Kos is part of the Dodecanese islands in the southwestern Aegean Sea. The Greek island is found off the Anatolian coast of Turkey. It is the third largest of the Dodecanese islands and the second most populous. The main town and port are also called Kos. Other main villages include: Kefalos, Kardamena, Tingaki, Antimachia, Mastihari, Pyli, and Marmari. Smaller villages include: Zia, Zipari, Platani, and Lagoudi. Kos is part of a chain of mountains that broke apart after earthquakes in ancient times. The mountains include Kappari and Kalymnos, which are separated by an underwater chasm.
The island of Kos has been known by many names. Some of the names have included: Stancho, Stanchio, and Stinco. In Italian, the island is known as Coo. Since the name Kos was used in Homer’s Iliad, it’s been the name used continuously when referring to the island. In English, a person from Kos is called a “Koan.”
The island was originally colonized by Carians. The Dorians invaded the island in the 11th century BC. They established a Dorian colony with many settlers from Epidaurus. Their Asclepius cult made their new home famous for its sanatoria. Other sources of the island’s wealth came from its wine and silk manufacturing.
Hippocrates, an ancient physician, is thought to have been born in Kos. In the center of Chora is the Plane Tree of Hippocrates, where he is said to have taught. The old limbs of this tree are now supported by scaffolding. The city is also home to the International Hippocratic Institute and Hippocratic Museum as well as the ruins of Asklepieion, where Herodicus taught Hippocrates medicine.
The island is also home to a 14th century fortress that sits at the entrance of the harbour. It was erected in 1315 by the Knights Hospitaller. There is another fortress from the Byzantine period located in Antimachia.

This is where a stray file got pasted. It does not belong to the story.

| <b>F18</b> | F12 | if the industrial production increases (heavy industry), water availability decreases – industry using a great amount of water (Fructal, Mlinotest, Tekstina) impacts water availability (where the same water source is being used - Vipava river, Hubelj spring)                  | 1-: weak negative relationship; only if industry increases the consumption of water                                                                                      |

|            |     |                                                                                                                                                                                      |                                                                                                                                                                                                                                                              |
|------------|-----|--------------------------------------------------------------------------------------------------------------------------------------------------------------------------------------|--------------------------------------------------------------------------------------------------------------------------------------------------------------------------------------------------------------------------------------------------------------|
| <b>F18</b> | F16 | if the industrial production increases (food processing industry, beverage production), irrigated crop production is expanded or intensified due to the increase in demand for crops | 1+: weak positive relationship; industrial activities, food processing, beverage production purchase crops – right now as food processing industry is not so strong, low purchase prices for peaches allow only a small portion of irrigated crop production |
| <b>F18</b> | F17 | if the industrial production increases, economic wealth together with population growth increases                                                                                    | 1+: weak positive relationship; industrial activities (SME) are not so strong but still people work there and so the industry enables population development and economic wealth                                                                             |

Administrative Region of Kos Island, Greece
Area of Kos Island, Greece
290.3 km2 (112.1 sq mi)
Population of Kos Island, Greece
Top Attractions in Kos Island, Greece
Roman Odeon – Constructed in the 2nd century BC. Just as in the Colosseum in Rome, spectators would come and watch fights between prisoners. Gymnasium and Roman baths also on site.
Asklepieion – An important archaeological site on the island. It was a healing center, which got it’s name from Apollo’s son Asklepieion, the protector of health and medicine. Located 4 km southeast of Kos Town.
Mastichari Beach – Located 27 km southwest of Kos Town. Soft white sand and emerald water are features of this beach. Organized beach with water sports available.
Lambi Beach – Just 3 km north of Kos Town. An organized beach with sun beds and umbrellas. This beach is family friendly with water sports available.
Nerantzia Castle – Also known as the Castle of the Knights. This castle is found at the entrance of the port at Kos Town. Built in the 14th century by the Knight of Saint John.
Plateia Planou – This is the square where you will find the Hippocrates Plane Tree. Hippocrates taught his students here. Enjoy a view of the historical spot while enjoying a drink and snack at a nearby café.
Therma Beach – Therma hot springs were discovered in 1934 by an Italian archaeologist. The hot springs feed into the ocean at Therma Beach for a natural spa experience. Beach is covered in smooth pebbles and rock formations.
Casa Romana – A Roman mansion with an architectural style that dominated the island during the Hellenistic and Roman Times. Mosaics date from the 3rd century AD. Mansion also features frescos including one depicting a panther attacking a bear.
Kamari Beach – A long beach that makes for a nice walk along the shore. Crystal-clear water and nice sand are features at this organized beach. Water sports such as windsurfing are available.
Aquatica Water Park – Located just outside of Kos Town. Fun for all ages. Water slides, swimming area, lazy river, and activities for the whole family.
Find Hotels and Places to Stay in Greece Through Booking.com BELOW: